Shifting from Civic Technology as an Outcome to Civic Technology as a Process with Matt Stempeck (Civic Tech Field Guide)

Photo by Leon on Unsplash

This blog post is part of our ‘Data, Privacy, and the Future of Trust in Public Institutions’ series, which is penned by Garrett Morrow, who was MetroLab’s Experiential Research Fellow during Fall 2020. To learn more about this series and to access other posts in this series, check out our first post here.

Matt Stempeck of the Civic Tech Field Guide and I spoke on December 7, 2020 about the emerging field of civic technology. Matt’s interest in civic technology began while he was at the University of Maryland where he wrote an honor’s thesis on political blogs and how they may (at the time) be changing journalism by injecting elements of participatory media, participatory politics, and small donor dynamics into campaigns. Based on this academic work, Matt then got involved in Democratic party politics, working with the professional community that did Howard Dean and Barack Obama’s presidential campaign. After working in digital campaigning, Matt worked for a non-profit involved in campaign finance reform, but the Citizens United v. FEC decision was a blow to the movement, and Matt decided he did not want to work in an area for decades without seeing any kind of win.

After a brief stint in campaign finance reform work, Matt moved on to the New Organizing Institute, a think tank-like pipeline for moving talent into data-driven campaigning. The institute ran bootcamps, simulations, and would help staff the digital teams of Senate campaigns. Matt’s experience with organizing combined with digital tools helped him get a foot in the door at the MIT’s Center for Civic Media. The MIT Center at the time was trying to quantify media attention to world events and how technologies like machine learning techniques can be used to read and classify international news and hopefully expose Americans to world events. Additionally, Matt was involved with a project that identified misinformation using browser extensions combined with fact checked media coverage from Snopes or PolitiFact that would identify misinformation for users.

Matt’s thesis work at the MIT Media Lab was on how people use the internet during disasters which was timely as the Boston marathon bombing happened while he was working on his thesis. Specifically, Matt looked at volunteer tech communities and how they can emerge out of disaster events, and this research formed the genesis of what would become the crowdsourced Civic Tech Field Guide. After finishing graduate school, Matt went on to work for Microsoft in their civic tech team where he worked on developing relationships with cities in a team apart from the product or sales divisions. Matt also worked on digital voter outreach during Hillary Clinton’s presidential campaign while on leave from Microsoft before returning to the technology company for another year. Matt is currently living in Berlin and working on civic technology project collaboration in Europe while working on the Civic Tech Field Guide.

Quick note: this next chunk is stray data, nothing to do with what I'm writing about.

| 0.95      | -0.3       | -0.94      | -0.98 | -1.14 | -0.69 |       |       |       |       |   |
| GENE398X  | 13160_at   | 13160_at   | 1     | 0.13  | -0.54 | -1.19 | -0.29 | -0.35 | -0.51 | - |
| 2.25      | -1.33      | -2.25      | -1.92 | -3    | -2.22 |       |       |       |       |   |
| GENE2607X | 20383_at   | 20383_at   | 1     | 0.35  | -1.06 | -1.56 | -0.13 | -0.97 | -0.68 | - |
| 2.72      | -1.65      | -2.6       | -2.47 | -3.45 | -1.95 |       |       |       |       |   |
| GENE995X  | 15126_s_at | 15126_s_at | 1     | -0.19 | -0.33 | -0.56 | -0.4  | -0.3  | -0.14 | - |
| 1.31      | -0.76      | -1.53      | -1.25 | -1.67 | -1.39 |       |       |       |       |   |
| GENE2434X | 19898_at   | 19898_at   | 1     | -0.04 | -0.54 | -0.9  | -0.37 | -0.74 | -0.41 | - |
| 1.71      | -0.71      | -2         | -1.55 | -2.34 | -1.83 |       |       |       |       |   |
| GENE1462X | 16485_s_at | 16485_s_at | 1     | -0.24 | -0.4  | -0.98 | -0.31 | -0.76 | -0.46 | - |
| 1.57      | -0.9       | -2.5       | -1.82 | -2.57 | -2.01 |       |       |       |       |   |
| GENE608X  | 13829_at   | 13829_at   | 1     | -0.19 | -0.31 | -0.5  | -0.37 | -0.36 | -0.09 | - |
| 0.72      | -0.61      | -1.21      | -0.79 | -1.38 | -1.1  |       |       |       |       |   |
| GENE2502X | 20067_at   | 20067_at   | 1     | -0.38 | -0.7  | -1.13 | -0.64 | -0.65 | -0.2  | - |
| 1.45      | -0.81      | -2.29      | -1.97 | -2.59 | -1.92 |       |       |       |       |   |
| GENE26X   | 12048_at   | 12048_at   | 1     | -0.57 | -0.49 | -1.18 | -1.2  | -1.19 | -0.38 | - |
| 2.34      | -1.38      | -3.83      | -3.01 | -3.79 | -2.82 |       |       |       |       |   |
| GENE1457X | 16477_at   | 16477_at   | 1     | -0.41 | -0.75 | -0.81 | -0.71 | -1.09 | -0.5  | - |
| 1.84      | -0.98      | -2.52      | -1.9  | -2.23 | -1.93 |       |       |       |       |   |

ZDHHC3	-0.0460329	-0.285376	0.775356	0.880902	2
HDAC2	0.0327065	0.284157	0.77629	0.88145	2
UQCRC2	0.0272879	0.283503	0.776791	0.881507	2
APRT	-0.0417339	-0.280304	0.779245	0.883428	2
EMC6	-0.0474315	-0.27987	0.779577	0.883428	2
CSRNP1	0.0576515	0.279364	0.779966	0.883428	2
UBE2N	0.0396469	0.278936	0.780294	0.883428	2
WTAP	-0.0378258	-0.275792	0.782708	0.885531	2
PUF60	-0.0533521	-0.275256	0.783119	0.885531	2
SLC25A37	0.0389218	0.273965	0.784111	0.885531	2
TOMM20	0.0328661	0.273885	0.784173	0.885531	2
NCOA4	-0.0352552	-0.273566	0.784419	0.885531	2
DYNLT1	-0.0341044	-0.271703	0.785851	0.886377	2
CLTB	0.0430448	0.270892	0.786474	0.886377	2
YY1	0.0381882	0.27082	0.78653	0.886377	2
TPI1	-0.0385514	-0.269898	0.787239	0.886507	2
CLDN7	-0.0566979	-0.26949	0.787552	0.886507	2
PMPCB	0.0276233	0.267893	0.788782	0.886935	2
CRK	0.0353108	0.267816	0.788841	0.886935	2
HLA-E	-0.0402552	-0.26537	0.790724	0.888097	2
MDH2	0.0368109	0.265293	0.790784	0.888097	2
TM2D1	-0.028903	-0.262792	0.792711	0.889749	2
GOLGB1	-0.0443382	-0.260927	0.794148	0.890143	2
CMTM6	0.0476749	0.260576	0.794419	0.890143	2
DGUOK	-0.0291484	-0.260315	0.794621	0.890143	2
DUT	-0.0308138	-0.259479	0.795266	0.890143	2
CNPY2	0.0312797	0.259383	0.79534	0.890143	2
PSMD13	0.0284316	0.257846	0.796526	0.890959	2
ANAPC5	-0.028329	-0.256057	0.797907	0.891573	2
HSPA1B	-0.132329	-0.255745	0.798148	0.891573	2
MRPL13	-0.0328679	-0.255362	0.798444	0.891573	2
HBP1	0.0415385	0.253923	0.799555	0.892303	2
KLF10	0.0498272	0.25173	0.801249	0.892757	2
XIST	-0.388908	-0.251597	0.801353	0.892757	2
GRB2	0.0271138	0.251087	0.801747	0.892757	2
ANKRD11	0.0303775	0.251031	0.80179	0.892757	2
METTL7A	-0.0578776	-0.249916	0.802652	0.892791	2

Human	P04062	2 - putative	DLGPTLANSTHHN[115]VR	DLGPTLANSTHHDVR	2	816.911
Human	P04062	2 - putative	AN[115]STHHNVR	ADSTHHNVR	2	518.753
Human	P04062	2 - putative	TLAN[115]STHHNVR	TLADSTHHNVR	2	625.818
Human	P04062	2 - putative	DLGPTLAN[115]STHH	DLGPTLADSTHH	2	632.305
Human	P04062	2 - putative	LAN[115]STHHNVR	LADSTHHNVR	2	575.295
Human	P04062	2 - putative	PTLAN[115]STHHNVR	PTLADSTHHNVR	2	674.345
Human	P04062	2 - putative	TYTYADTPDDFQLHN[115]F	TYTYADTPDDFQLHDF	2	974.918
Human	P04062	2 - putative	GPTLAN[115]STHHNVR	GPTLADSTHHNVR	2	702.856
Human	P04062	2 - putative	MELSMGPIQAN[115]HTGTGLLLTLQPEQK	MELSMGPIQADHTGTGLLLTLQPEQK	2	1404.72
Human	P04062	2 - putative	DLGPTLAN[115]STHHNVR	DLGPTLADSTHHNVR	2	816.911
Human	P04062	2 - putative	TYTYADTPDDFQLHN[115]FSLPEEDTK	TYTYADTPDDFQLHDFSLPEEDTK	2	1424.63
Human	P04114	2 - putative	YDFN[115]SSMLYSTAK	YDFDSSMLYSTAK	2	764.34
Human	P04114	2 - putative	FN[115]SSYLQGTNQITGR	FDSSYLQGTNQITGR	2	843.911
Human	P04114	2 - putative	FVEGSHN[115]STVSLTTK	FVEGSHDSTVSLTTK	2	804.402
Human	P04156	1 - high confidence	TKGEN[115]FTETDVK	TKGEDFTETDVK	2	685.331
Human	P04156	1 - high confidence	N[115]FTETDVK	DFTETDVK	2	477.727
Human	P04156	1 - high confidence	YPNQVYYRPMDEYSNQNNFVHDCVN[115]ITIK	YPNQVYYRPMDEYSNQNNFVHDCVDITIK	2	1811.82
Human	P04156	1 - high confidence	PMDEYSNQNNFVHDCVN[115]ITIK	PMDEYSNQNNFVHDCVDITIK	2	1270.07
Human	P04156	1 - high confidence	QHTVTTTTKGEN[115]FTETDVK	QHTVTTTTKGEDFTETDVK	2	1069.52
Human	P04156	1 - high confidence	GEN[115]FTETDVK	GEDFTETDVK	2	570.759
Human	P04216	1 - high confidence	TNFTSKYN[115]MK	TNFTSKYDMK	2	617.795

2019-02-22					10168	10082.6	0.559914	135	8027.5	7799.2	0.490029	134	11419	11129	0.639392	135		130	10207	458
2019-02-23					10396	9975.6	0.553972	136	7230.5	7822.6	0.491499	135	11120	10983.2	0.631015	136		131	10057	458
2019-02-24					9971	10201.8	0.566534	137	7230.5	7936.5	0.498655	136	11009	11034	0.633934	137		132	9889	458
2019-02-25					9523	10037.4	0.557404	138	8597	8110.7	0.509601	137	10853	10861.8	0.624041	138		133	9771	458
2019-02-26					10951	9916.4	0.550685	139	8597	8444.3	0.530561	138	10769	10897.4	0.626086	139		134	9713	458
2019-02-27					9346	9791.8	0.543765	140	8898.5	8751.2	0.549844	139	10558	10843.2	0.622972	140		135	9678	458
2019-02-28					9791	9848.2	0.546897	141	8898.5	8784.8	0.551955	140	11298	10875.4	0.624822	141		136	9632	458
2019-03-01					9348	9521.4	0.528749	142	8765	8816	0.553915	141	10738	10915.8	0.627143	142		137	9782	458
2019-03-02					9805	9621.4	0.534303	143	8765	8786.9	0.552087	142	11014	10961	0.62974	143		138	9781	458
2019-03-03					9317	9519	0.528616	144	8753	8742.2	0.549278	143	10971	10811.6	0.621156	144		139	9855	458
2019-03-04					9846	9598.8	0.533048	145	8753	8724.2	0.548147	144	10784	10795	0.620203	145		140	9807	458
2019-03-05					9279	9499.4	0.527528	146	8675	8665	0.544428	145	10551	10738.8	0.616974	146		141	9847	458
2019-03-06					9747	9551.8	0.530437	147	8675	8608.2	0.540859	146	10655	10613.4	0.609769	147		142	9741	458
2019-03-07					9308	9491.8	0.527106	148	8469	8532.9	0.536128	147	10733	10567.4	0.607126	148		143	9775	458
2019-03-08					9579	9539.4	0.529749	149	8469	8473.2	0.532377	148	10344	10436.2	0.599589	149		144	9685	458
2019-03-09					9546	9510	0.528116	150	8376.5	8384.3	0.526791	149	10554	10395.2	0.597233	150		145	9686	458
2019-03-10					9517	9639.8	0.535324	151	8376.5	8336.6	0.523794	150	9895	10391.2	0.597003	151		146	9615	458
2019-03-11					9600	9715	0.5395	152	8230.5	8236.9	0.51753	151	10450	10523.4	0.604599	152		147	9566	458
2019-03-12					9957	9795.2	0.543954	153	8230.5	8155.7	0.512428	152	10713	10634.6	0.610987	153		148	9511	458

The Field Guide curates thousands of civic technology projects around the world gathered through crowdsourcing. The Guide serves as a repository of projects to help drive innovation globally and help people figure out what is already done so civic innovators are not forced to reinvent the wheel every time they want to develop and implement a new policy. Users of the Field Guide also includes activists who want to monitor the use of civic technologies. Municipal innovators can also see what types of projects have failed in the “graveyard” of civic technologies.

One question about the projects hosted in the field guide is how to define civic technology or how wide the net should be cast? Matt and the Field Guide define civic technology widely, but fundamentally the projects included should be about promoting the public good. So, the civic technology would not include smart city-type projects hosted by a technology company designed to deliver a service and extract municipal data. In other words, what separates civic technology is the shared interest versus a private interest. That is not to say there is no overlap. For example, there could be data sharing that could potentially benefit civic technology projects, but those are not the focus of the Field Guide. The emphasis of civic technology is on the political, democratically focused elements, not the engineering components. Matt equated civic technology to a process, not any specific outcome. Employing technologies to better facilitate the processes of democracy itself. One example is the democratic function of better facilitating voter registration or participation through technology.